As much as any other institution, the Ford Foundation has shaped the modern American law school, having provided key backing for developments such as clinical legal education, public interest law, identity-based legal studies, and transnational law. Whether you agree or disagree with Ford’s ideological thrust — and as a libertarian, I regularly disagree — it’s a pretty remarkable set of accomplishments. I give an overview and brief history in this new article for the Capital Research Center’s Foundation Watch, adapted from my book Schools for Misrule. (cross-posted from Cato at Liberty; welcome readers from George Leef, NRO)
- Fueled by liberal foundation grants and federal money, “Restaurant Opportunities Center” launches litigation campaign against chain-eatery leader Darden [Orlando Sentinel] Still to be explained: why the Detroit Chamber of Commerce would be so happy to announce a business-backed non-profit’s funding for ROC.
- Major employment plaintiff’s firm Outten & Golden promotes Hearst magazine intern class action [Romenesko, Reason]
- “Retaliation Charges Pose Growing Threat to Free Speech” [Hans Bader, CEI]
- Debate: “Should state outlaw requirements that job applicants be employed?” [Pia Lopez/Ben Boychuk, Sacramento Bee]
- “Is it time to do away with McDonnell Douglas?” [burden-shifting test in job bias cases; Jon Hyman]
- Supposed exemption from OSHA for under-10-employee businesses is mostly myth [Eric Conn, EBG]
- WSJ is kind enough to pick up my item on Italian labor law professors as a “Notable and Quotable” today;
- New York Times fires 23 employees after searching their emails and finding that they had forwarded blonde and ethnic jokes and other common forms of workplace humor [eleven years ago on Overlawyered]
He traces, in mostly a chronological fashion, how progressive philosophy and leftist ideology at first seeped into and eventually flooded the halls of American law schools. He begins by pointing out that law schools became well established on American campuses precisely during the so-called Progressive Era, 1890-1914. The law schools’ newfound prominence dovetailed nicely with the advent of professional licensure in America. By that I mean the process by which the heretofore free-for-all entry of individuals into numerous professions and vocations began to be subject to government (or government-sanctioned) certification. This became common a century ago in various American businesses and industries – from meat slaughtering to pharmacy, from barbering to chauffeuring, from teaching to medicine. Well, there was no reason to exempt lawyering from the process. And so the country’s law schools became the gatekeepers for the nation’s legal profession. Thus the faculty at the nation’s law schools – especially, those of the elite variety – obtained control over the training and philosophical outlook of the nation’s lawyers. Since we are a country under the rule of law, those who control the lawyers thereby control the law and thus the country to a great extent….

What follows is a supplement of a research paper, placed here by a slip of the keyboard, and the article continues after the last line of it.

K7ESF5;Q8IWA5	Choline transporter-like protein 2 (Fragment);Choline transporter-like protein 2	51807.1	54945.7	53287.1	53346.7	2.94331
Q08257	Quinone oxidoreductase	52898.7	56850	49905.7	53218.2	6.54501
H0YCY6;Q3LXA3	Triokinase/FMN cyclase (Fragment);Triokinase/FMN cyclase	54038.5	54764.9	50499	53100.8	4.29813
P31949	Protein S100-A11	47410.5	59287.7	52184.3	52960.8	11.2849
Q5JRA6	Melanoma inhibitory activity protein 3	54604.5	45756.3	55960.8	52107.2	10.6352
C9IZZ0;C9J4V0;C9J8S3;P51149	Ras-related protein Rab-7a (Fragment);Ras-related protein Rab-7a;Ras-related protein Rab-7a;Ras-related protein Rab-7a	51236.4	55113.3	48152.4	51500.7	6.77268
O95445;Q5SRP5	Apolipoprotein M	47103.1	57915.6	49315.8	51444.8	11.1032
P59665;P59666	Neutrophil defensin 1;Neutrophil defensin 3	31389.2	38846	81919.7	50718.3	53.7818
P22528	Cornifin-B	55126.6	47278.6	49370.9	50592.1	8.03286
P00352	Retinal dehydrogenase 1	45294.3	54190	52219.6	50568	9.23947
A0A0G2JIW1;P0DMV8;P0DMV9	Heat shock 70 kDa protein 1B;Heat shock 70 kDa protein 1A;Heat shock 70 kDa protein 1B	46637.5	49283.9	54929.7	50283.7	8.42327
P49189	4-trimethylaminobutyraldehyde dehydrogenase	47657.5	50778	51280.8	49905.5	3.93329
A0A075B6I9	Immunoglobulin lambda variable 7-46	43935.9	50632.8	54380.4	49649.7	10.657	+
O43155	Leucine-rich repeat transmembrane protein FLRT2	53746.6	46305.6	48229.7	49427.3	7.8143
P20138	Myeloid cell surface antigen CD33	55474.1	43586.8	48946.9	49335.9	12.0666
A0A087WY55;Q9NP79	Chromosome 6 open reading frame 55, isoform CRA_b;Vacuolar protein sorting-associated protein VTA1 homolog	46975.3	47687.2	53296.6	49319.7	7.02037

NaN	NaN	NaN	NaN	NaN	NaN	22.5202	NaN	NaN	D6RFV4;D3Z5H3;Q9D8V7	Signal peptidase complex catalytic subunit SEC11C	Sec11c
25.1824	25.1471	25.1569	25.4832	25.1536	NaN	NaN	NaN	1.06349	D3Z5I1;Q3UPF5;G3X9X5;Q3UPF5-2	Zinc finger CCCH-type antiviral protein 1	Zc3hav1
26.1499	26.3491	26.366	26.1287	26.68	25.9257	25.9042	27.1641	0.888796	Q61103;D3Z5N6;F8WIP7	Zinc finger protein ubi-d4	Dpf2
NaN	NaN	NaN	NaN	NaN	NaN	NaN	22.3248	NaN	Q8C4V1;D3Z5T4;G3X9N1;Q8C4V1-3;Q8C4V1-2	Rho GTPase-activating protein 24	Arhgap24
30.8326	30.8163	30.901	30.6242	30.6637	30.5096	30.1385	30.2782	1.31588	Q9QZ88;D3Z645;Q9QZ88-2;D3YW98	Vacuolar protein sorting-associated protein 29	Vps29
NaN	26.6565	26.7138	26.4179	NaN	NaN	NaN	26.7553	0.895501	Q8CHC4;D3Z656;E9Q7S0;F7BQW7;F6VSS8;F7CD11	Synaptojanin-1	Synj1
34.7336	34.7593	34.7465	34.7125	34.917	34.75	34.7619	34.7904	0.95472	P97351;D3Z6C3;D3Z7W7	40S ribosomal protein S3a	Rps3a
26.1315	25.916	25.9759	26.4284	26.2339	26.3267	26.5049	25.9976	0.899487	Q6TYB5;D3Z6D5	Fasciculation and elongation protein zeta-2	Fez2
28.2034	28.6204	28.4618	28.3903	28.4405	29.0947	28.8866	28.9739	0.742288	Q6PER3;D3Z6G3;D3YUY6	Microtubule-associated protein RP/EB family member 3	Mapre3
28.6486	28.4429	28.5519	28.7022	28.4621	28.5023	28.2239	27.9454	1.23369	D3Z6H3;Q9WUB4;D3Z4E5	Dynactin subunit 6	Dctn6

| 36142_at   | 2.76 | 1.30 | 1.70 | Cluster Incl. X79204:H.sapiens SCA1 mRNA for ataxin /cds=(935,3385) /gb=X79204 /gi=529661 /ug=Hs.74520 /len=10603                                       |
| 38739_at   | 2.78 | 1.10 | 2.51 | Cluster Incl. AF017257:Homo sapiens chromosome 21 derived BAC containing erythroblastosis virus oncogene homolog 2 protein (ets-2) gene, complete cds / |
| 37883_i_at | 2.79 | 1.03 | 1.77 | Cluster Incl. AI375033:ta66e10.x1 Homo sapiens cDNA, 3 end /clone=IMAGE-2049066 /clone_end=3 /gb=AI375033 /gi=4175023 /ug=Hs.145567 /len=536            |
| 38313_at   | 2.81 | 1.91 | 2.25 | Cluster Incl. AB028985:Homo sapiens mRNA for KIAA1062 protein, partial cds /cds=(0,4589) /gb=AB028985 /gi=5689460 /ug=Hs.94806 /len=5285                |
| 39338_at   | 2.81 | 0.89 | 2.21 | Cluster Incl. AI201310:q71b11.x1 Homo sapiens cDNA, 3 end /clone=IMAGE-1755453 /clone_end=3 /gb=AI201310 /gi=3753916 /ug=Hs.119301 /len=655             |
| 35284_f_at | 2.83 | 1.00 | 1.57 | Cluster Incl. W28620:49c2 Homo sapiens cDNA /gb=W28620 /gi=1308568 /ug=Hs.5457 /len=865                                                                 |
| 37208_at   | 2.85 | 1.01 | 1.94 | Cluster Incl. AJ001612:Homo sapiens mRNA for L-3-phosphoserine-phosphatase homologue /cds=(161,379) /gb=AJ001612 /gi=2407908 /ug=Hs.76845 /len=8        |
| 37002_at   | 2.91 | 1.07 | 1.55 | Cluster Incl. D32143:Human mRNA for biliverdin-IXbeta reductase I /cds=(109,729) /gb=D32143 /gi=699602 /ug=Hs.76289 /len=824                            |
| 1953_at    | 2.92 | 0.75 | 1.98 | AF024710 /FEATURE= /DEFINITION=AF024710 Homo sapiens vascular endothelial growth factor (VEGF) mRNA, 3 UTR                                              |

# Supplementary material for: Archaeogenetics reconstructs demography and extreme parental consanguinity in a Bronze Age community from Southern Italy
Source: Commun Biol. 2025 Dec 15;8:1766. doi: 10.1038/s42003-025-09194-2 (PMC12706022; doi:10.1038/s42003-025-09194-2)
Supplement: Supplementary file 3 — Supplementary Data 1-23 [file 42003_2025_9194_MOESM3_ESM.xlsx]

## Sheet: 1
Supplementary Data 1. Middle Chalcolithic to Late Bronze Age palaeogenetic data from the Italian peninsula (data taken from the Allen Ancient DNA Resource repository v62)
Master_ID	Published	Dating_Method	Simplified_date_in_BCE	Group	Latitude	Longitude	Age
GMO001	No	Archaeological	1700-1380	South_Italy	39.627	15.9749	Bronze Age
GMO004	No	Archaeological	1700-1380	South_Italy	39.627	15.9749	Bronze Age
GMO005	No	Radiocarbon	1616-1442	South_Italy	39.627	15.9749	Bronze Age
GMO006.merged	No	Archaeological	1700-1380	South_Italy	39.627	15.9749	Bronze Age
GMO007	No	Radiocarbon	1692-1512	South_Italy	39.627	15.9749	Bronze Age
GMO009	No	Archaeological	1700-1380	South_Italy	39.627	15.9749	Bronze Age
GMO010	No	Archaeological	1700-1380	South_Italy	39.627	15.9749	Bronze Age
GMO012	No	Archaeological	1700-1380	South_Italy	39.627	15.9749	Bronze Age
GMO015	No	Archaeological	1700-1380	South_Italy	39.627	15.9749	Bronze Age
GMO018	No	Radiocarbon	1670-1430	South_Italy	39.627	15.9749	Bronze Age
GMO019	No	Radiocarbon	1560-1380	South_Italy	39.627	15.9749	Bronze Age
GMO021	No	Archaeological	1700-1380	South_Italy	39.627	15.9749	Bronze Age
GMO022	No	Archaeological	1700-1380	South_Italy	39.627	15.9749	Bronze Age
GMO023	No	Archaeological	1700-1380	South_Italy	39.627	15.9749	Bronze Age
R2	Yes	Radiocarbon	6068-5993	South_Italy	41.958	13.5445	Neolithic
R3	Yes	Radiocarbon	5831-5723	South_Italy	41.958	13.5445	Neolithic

Olson’s style is actually quite engaging. Although he treats deadly serious issues with the earnestness that they deserve, he manages to maintain an understated, even restrained tone, which if anything makes his arguments more dramatic.
At Liberty Fund’s newly launched Library of Law and Liberty, lawprof/blogger Mike Rappaport after listening to my interview resolved to put the book on his reading list, having not previously appreciated how central the role of the Ford Foundation has been in influencing the schools’ development. For more on that role — as well as that of other donors like George Soros and nonprofit groups like the American Association of University Professors (AAUP) — see Scott Walter’s interesting essay in Philanthropy Daily, which includes a link to SfM.
Admit it: you want an electronic copy of Schools for Misrule for your e-reader. No problem: there are great bargains in the Books-a-Million, Barnes & Noble/Nook or Google e-books versions, the Kindle version, and the Sony version. Also check out the e-books at the Cato store, on offer this month at great savings with the code “EBOOKSALE.”
P.S. Ted Lacksonen picks up on the book’s oral-tradition “Yale Law School Anthem” (“Don’t Know Much About Property…”).
“An Arizona man who has waged a 10-year campaign to stop a flood of illegal immigrants from crossing his property is being sued by 16 Mexican nationals who accuse him of conspiring to violate their civil rights when he stopped them at gunpoint on his ranch on the U.S.-Mexico border. Roger Barnett, 64, began rounding up illegal immigrants in 1998 and turning them over to the U.S. Border Patrol, he said, after they destroyed his property, killed his calves and broke into his home.” MALDEF, the famous Ford Foundation-founded litigation group, is representing the plaintiffs. [Jerry Seper, Washington Times]
“International human rights law” — what could sound more cuddly and humanitarian? Who could disapprove of such a thing? That’s one reason it’s so popular at almost every law school nowadays following years of generous support by the Ford Foundation, Soros, and other donors. In practice, as is now clear, it often tends to furnish a set of handy weapons for carrying on “lawfare” — warfare by means of courtroom action against one’s adversaries, particularly in the courts of third countries. (Anne Herzberg, “Lawfare against Israel”, WSJ, Nov. 5). For the closely related issue of laws empowering private attorneys and litigants to pursue foreign entities over alleged terrorist support whether or not such actions advance U.S. diplomatic goals, see Sept. 12, 2007.